Nothing in the house seemed to be of much value to anyone outside the family.  There was a model airplane in Hubert’s room that the boys all seemed to want.  A rubber alligator hung in the door frame of the middle bedroom, suspended by rubber bands.  Cherise realized both that she had never been conscious of it and it had been there for her entire life.  She asked her mother why it was there.

“Oh, I think Esther brought that home after a trip to Louisiana,” Darcy answered, as though that were an explanation all by itself.  Cherise hoped no one would move it.

They found a godawful metal Christmas tree in the middle bedroom closet.  It consisted of a central post about six feet tall, from which silver glittery poles radiated in sets of four, decreasing in length each level up, with each set being about a foot apart.  It had a little light machine you could set up next to it, and a motor to make it turn around slowly as the lights shown on it: red, blue, green, yellow.  Cherise was enchanted.  Her parents laughed, but that Christmas, when she arrived at their house, they had set it up as a surprise, with blue ornaments bravely attempting to fill the gaps between the make-believe branches.  After presents and dinner, they all sat around with full bellies and fuller hearts and listened to the tree creak.  Charles, who liked a real tree, told his daughter, “I told your mother we would set it up ONCE.”  On New Year’s Day, Darcy took the tree down, packed it up carefully and brought it back to the house.

Charles Junior had his eye on the Hoosier cabinet in the kitchen, the one Opal had made biscuits at every day of her married life.  He had a fancy 1920s  house he had decorated to period with a big kitchen in it.  Trouble was, that Hoosier cabinet was from the 1940s.

“The cabinet stays with the house,” Cherise said stubbornly.  She wanted to live in the house, she was the only one who wanted to live in the house, and she was convinced that if she wanted it badly enough, one day she would live in the house.  Walter would help her fix it up, she was sure of it.  Charles Junior didn’t respond.

Sally came to visit the house.  She and Darcy hadn’t been on good terms for years.  Cherise was sorry about that, as when she was a child, Sally had been her favorite aunt.  She wondered whether it had anything to do with the time when she was four years old, when Sally called Darcy to see if Cherise would be her flower girl, and Darcy asked Cherise, but she was in the bathtub and mad about it so she shouted, “NO!” and that was that.  Later she had wished she’d said yes and been able to ride in an airplane and wear a pretty dress and sprinkle petals before her beautiful aunt, but it was too late.  Surely Sally wouldn’t have held that against her mama for all these years, but you never know.  At any rate, Sally didn’t stop by to see Darcy, but she did visit Johnny and his family.  A few weeks after she’d gone back home, Cherise and Walter went to visit Johnny.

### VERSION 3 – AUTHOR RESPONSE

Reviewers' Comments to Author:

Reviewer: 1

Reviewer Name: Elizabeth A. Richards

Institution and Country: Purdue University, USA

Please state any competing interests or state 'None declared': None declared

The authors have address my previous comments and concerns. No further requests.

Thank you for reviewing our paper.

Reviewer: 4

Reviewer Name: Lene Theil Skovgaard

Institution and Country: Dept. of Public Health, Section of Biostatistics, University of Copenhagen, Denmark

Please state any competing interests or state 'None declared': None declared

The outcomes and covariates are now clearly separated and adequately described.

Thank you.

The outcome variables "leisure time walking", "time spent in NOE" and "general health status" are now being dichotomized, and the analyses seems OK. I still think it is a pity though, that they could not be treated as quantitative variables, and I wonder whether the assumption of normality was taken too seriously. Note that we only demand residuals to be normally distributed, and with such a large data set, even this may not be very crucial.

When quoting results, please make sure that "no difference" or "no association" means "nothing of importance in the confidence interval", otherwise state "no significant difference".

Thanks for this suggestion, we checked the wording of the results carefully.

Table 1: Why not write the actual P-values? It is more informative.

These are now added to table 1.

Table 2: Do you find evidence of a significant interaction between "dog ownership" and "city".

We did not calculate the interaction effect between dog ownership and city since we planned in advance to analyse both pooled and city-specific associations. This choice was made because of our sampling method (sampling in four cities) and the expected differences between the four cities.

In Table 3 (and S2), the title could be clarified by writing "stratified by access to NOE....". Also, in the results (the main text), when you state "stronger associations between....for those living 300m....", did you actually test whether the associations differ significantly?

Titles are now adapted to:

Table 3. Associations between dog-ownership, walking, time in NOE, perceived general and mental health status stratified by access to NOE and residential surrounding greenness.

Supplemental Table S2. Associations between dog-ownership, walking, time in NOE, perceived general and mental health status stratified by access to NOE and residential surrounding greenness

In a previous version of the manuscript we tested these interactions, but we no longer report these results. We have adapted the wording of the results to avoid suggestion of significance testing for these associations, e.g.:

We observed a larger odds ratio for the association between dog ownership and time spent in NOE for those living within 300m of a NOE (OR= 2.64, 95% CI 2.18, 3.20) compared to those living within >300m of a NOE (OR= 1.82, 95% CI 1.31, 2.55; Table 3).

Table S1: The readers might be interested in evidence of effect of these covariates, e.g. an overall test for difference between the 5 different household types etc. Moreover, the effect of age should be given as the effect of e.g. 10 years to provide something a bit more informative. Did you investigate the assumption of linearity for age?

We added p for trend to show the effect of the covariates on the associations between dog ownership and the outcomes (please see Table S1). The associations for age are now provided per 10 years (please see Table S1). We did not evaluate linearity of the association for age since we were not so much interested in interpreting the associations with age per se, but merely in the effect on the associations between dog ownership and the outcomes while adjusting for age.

“Sally came down,” he told them.  Cherise nodded.

“She took that cabinet, what you call it?  Out of the kitchen.  She took that home with her,” he continued.  “Glen said her name was on the back; I never saw it, but he said it was.”

As Walter drove them home in the dark, Cherise texted Charles Junior:  “Sally took the Hoosier cabinet.”

“Bitch,” he texted back.

“Johnny said her name was on the back.  I wonder if Grandma wrote it there before or after Sally stopped speaking to her,” she replied.

“BITCH!” he texted back.  Cherise told Walter, and he grinned.

The next weekend, Cherise went back to visit her parents.  She and Darcy went to the house.  The ironing board was set up in the dining room, and fabric was strewn everywhere.  Someone had been sewing.  Darcy took a quick tour through the house.  She came out of the middle bedroom with a strange look on her face.

“That silver Christmas tree?  It’s gone,” she said.  She didn’t mention Sally; she didn’t have to.

“Bitch,” said Cherise.


Cherise and Walter went back to Darcy and Charles’ house for Thanksgiving.  In the middle of all of the ruckus of cousins and uncles and in-laws and outlaws, Darcy drew Cherise aside.  “I have to tell you something,” she said quietly.  “That Christmas tree?  I think I found it.”  Her eyes were twinkling.

Cherise had only a moment to wonder.

“I think it’s in my attic,” Darcy confessed.  The two women burst out laughing.  Darcy could have that tree if she wanted it, Cherise thought.  She’d earned the damned thing.

Later, over dinner, Glenn’s daughter Ashleigh announced out of the blue, “I would live in Grandma’s house.”  The room became very quiet.  “I would live in Grandma’s house as is,” she stressed.

Well, that’s it, Cherise thought.  She’s Glenn’s daughter, it’s Glenn’s house, of course he’s going to let her have it.  But no one said anything.

“I would live in Grandma’s house as is,” Ashleigh repeated, but she didn’t sound quite as confident.

Cherise decided to quash the idea before it took hold.  “I’ve been saying the same thing for a while, Ashleigh,” she called from across the room.  “No one will listen to me, either.”  She noted her cousin’s crestfallen look and suppressed a smile.  Dibs, she thought.  I got dibs.


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